rh2010 - stock.adobe.com
Flexible a fixture as technology critical to hybrid working future
Survey shows knowledge workers in leading economies believe that having an office space will be considered an employee benefit, rather than a mandatory way of working
A study from audio, video and collaboration systems provider Jabra has warned employers that the shift in attitude towards flexible working and office space suggests they need to restructure working environments to be appropriate for post-pandemic working life.
The Jabra hybrid ways of working 2021 global report was carried out among 5,036 knowledge workers in the US, the UK, France, Germany and Japan by the Harris Poll on behalf of Jabra from 21 May to 10 June 2021.
It showed that firms need to be cognisant of the fact that flexible working is here to stay, and has overtaken salary as the top benefit to employees (59%), highlighting that flexibility and autonomy over the working day is now more important than financial reward for most workers.
The report also found that nearly three-quarters of respondents (73%) believe that in the future, having an office space will be considered an employee benefit as opposed to a mandatory way of working, and a similar amount (71%) of the global workforce also see the office as a social amenity and place to collaborate, with independent working happening off-site.
The main reasons why people wanted to return to the office were team connectivity, motivation and equipment challenges.
Yet companies that did a poor job in transitioning staff to remote working during the pandemic or concerns about career development might be the real drivers. Employees were more likely to request more days working in the office – three or more a week – if their company did not do a good job transitioning to remote work during the pandemic, with 17% wanting to be in the office full-time, compared with 14% for those who had a good experience with the remote work transition.
To create a successful hybrid working model, the survey advised business leaders to move away from formal policies, which lack the human element. Instead, they should focus on creating high-trust environments that set clear principles and guidelines, but at the same time give autonomy to employees.
Yet even though the journey to hybrid is well under way, the study showed that three-quarters of employees are concerned about hybrid working, largely due to poor communication practices and an unequal playing field, and only 20% think their organisation is very prepared for hybrid, with UK employees feeling slightly more confident at 25%. More than half (52%) of the respondents also admitted they would prefer to work from home, but are concerned their career would suffer long-term.
Read more about the new normal of work
- Generation Novel hybrid workers bring new demands and risks says Aruba survey warning business leaders that they must strike a balance between flexibility and security to address risky behaviours and evolving expectations of today’s tech-savvy workforce.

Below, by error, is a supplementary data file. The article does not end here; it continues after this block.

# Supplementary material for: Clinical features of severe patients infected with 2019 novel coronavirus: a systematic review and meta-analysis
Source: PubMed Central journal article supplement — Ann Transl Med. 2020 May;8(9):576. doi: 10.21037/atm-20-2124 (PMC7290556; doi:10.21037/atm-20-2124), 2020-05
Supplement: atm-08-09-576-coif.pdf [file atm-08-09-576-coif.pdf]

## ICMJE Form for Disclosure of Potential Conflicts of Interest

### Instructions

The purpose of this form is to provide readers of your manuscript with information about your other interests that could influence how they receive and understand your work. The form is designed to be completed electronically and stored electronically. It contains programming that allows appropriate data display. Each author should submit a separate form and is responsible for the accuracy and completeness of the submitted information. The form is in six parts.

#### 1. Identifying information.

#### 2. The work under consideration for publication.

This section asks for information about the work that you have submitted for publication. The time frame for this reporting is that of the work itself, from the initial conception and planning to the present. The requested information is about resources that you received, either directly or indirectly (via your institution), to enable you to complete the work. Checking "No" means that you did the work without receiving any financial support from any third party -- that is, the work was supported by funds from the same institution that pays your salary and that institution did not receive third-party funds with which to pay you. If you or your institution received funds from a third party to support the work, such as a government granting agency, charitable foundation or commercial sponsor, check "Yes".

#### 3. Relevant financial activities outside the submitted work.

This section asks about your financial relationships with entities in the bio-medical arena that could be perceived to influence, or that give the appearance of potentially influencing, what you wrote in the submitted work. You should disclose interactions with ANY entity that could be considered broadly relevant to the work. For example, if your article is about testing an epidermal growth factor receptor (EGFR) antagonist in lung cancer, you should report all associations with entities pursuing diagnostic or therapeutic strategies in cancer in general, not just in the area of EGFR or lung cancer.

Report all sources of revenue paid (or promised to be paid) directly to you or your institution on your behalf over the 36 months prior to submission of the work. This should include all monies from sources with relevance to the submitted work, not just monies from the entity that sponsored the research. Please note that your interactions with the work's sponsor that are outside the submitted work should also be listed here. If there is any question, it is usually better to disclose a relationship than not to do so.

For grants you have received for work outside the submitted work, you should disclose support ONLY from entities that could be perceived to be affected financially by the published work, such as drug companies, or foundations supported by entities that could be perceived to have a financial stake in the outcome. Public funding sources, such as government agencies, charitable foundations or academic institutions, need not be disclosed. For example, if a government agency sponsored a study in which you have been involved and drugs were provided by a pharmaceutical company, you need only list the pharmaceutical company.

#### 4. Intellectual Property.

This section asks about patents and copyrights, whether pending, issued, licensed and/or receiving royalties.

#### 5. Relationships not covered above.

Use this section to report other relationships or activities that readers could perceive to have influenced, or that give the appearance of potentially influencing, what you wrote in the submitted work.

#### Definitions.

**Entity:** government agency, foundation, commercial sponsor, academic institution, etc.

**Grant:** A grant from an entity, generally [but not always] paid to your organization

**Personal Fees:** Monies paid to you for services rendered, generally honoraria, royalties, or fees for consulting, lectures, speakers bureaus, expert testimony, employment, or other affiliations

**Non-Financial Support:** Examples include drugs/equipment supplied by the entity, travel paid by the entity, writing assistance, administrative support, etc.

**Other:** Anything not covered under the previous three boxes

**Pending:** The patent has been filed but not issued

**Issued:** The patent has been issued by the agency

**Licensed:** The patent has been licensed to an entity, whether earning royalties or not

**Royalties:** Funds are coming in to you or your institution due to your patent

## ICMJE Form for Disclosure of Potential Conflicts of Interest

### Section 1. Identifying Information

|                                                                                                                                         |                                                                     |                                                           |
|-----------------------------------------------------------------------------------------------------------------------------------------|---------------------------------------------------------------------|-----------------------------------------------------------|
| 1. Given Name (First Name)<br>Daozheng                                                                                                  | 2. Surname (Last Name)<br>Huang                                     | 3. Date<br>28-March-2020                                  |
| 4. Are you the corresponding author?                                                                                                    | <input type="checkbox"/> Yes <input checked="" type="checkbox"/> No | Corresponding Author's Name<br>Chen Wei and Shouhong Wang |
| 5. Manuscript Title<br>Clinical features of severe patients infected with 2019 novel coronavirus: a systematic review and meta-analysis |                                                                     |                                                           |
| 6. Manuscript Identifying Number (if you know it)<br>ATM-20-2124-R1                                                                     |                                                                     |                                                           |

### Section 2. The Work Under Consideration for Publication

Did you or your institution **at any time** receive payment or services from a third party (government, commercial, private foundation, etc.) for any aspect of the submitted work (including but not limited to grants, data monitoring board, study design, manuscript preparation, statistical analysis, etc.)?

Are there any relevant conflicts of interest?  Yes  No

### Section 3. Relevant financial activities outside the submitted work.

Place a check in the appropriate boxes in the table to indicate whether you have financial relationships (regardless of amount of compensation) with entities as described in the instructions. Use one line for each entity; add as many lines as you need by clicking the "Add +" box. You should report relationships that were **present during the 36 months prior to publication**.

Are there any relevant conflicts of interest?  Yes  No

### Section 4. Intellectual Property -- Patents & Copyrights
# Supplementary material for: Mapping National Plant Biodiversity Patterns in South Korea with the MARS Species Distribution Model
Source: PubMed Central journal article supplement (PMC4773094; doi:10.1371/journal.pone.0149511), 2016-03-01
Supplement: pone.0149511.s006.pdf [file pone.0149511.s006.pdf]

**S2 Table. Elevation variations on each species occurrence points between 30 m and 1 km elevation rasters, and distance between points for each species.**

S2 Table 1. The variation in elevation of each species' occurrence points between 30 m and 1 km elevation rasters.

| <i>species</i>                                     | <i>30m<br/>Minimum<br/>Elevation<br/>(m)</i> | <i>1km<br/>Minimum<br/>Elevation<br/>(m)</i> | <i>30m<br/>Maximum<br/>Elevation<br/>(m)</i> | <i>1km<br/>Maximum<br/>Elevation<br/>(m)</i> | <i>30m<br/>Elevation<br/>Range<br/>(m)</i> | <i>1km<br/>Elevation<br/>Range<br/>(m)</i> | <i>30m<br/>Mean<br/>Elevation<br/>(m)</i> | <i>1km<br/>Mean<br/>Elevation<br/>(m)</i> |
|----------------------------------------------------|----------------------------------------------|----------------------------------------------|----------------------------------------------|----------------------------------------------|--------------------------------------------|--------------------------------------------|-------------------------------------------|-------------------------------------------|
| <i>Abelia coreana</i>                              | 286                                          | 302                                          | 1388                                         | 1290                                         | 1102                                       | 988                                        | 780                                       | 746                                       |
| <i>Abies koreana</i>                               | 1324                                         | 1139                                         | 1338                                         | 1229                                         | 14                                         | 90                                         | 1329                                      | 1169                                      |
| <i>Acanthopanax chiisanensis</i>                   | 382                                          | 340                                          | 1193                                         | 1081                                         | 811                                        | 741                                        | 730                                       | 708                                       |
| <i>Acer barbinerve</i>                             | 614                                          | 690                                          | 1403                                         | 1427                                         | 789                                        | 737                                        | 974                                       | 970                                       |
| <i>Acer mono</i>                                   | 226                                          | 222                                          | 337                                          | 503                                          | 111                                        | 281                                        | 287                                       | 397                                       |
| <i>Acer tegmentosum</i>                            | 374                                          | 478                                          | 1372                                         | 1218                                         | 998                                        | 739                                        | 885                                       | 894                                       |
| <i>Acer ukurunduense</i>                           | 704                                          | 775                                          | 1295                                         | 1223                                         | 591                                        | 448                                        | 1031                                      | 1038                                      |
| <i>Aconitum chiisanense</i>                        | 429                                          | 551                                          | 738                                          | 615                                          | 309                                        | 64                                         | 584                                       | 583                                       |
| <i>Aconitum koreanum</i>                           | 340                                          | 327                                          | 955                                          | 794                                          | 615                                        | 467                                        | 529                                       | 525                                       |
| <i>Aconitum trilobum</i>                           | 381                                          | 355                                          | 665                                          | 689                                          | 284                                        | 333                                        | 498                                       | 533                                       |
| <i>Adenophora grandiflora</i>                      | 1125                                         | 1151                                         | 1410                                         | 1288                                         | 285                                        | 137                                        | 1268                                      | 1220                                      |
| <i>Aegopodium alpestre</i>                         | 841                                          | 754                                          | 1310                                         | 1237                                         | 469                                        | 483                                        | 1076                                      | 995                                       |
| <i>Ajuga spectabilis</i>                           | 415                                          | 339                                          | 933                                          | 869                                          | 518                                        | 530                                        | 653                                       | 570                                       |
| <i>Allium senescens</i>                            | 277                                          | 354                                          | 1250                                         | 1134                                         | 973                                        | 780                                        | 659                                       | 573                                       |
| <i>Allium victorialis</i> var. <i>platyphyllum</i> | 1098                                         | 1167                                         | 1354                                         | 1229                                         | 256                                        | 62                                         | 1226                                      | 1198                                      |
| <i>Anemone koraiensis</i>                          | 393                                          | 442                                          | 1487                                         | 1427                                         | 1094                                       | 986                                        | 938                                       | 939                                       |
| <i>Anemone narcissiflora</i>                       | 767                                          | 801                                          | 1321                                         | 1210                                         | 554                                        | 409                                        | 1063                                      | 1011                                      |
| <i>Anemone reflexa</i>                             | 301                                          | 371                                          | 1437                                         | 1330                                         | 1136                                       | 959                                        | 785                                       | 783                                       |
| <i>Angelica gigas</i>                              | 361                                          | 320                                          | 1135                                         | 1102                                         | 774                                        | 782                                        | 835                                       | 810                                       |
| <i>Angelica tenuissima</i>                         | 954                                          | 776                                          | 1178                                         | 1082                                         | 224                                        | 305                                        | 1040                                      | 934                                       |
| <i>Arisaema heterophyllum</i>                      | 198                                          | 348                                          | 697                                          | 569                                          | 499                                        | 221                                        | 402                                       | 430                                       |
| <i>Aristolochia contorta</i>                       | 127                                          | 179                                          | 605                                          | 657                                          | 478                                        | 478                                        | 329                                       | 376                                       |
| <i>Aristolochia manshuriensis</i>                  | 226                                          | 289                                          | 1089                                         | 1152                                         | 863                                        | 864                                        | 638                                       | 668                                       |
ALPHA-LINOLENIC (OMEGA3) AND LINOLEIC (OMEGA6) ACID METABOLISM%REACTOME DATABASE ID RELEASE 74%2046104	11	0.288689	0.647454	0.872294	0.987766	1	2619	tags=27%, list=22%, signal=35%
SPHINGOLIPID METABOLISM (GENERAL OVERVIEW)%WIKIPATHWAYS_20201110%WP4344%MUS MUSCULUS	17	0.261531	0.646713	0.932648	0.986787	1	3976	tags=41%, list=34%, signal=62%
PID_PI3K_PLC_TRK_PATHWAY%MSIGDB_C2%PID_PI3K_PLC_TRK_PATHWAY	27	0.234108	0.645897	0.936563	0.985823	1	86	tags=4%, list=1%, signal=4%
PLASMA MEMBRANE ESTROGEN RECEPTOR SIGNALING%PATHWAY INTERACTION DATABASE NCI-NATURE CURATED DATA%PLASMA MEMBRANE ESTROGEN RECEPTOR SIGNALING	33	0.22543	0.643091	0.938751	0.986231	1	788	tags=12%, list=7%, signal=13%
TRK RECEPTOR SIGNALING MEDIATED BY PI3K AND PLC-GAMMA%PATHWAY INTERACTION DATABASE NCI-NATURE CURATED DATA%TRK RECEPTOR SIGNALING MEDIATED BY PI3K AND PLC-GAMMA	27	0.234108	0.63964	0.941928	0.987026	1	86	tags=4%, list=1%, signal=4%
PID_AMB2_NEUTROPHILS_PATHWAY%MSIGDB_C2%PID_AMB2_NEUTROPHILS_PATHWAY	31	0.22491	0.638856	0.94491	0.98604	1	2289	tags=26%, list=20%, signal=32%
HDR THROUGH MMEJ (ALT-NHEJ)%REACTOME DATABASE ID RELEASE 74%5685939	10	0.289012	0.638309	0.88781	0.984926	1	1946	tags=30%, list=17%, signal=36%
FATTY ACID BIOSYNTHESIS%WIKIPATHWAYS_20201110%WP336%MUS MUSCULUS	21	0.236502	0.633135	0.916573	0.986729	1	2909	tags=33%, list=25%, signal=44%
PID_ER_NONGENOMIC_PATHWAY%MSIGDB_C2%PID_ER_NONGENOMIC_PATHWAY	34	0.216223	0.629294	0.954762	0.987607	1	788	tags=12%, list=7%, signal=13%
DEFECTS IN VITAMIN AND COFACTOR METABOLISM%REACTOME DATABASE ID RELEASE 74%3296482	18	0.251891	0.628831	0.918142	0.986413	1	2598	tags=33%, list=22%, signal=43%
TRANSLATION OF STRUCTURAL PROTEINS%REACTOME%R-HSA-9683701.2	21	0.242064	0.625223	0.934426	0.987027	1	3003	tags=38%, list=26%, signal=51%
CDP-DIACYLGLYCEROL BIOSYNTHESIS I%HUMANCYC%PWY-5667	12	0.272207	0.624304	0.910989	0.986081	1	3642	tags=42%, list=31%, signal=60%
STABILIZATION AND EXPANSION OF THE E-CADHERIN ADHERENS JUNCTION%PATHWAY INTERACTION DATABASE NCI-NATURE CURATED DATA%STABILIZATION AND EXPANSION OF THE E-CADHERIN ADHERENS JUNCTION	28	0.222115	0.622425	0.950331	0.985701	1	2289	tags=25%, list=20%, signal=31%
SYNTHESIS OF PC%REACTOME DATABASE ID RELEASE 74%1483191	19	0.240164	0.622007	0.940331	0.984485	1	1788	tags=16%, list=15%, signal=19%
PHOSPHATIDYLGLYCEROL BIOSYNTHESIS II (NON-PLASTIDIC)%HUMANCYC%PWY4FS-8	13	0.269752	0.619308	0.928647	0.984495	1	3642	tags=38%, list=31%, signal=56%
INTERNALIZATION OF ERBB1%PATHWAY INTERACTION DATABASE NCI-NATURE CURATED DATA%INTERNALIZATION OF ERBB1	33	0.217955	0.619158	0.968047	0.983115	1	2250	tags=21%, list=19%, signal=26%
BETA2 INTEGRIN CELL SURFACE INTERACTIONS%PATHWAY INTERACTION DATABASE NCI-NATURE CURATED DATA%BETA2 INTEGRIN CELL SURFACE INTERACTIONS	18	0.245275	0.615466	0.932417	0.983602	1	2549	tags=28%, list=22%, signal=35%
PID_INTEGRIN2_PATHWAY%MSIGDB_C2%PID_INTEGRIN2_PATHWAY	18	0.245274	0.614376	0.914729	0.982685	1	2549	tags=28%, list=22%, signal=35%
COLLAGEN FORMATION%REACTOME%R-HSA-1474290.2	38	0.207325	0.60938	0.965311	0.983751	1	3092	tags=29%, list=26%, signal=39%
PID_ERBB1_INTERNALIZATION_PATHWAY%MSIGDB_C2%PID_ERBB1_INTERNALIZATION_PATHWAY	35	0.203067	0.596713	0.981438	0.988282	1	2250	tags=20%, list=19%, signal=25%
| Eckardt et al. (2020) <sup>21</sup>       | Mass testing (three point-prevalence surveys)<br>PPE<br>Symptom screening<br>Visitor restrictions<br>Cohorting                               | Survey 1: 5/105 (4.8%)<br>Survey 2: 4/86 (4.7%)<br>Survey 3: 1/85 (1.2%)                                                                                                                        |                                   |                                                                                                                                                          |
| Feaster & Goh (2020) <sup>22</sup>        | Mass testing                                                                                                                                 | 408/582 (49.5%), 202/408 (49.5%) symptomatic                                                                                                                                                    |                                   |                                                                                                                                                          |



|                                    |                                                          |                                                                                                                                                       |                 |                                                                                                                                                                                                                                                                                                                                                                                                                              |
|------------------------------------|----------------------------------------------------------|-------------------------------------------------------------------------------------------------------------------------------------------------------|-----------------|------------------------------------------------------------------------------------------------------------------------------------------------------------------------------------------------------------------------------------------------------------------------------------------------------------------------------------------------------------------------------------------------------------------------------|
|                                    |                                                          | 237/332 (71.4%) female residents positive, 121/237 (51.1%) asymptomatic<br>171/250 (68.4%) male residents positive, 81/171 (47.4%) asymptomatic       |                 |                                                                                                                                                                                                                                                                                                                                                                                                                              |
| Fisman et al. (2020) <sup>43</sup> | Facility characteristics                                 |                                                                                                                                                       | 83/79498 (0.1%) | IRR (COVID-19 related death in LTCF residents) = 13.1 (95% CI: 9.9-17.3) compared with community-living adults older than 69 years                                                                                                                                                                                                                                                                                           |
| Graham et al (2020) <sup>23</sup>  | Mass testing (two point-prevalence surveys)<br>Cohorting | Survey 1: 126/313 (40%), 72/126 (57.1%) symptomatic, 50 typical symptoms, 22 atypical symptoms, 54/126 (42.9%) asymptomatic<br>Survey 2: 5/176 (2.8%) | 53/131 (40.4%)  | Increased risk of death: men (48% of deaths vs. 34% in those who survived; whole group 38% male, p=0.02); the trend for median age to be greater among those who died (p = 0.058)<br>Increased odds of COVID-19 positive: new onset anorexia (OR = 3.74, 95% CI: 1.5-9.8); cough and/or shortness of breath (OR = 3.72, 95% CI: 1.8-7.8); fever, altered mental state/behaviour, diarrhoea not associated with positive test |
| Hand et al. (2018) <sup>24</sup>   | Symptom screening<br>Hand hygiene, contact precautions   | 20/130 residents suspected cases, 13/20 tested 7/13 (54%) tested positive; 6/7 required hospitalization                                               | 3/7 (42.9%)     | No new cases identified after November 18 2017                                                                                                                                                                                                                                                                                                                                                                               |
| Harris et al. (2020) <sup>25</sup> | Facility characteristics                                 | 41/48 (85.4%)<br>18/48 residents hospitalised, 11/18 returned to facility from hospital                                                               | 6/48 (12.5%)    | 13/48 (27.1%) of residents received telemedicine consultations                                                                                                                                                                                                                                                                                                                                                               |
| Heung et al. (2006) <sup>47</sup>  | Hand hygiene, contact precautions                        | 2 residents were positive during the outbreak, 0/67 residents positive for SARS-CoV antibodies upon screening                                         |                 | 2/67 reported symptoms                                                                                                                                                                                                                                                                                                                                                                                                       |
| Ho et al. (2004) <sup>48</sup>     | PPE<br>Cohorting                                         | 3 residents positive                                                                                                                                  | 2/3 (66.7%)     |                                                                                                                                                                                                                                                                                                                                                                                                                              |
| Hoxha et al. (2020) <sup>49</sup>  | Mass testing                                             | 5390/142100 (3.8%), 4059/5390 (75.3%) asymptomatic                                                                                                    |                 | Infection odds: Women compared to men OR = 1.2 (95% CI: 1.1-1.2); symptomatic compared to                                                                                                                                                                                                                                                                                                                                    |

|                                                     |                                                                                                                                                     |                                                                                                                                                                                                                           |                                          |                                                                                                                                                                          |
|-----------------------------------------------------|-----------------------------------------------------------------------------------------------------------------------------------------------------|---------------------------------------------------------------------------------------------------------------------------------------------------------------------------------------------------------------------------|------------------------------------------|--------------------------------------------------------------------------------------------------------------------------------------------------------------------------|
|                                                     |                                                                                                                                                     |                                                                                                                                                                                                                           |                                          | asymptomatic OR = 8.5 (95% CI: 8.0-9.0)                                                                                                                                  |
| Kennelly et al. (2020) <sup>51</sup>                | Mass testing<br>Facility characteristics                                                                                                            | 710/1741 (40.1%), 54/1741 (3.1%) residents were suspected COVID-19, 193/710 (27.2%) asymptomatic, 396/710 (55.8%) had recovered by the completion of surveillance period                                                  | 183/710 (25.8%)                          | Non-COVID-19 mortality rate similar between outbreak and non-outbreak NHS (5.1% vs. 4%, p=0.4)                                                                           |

- Talent sits everywhere with hybrid work powered by mobile and artificial intelligence, as Cisco Hybrid Work Index reveals insights on people’s preferences, habits and technology usage in the era of hybrid work.
- Zoom plots path to hybrid return to the workplace as pandemic’s breakout conferencing tool provider plans to support the new normal of hybrid working with systems recognising both remote and in-office work.
- Even though two-thirds of workers surveyed by workspace technology company Kettle say hybrid work benefits mental health and productivity, over half believe that their employers are not prepared to implement it.
Despite worries and wishes regarding hybrid, the survey also showed that it could only be realised through adoption of the right technology. Indeed, moving beyond a hybrid working model, where employees have the choice between working from home or in an office, 75% of those in the study wanted to be able to work from anywhere in the future.
As a result, said Jabra, the right technology was more important than what it called “fancy offices in prime locations” when it came to attracting and retaining talent. Nine out of 10 UK knowledge workers said technology was critical to a “work from anywhere” future. Also, more than half of employees wanted personal technology to take with them wherever they wish to work, and almost three in four would prefer companies to select and provide that technology to make the hybrid experience equal.
Moe than eight in 10 (84%) employees in the study agreed that “technology can help all employees have equal access to opportunities at work”, and they would “rather work for a company that invests in technology to better connect the workforce in a hybrid working future” (80%). Almost half (46%) of UK respondents said the right tech helps people feel included and represented in meetings.
The bottom line was that collaboration technology needs to adapt to allow people to turn any space into a workspace – previous technology designed for the odd day of remote working is no longer fit for purpose.
Jabra SVP Holger Reisinger noted that the world of work is going through a significant change, and now is a pivotal moment. “While companies were initially thrust into remote working with little or no time to prepare, the pandemic will have a permanent impact on working structures,” he said. “As companies look to evolve their hybrid working strategies, the research shows that by continuing to invest in the right technology and giving employees autonomy over the working day, organisations can deliver a better working experience for employees.
“The companies that get it right will be the ones that don’t just listen to what employees want, but also understand why they want it.”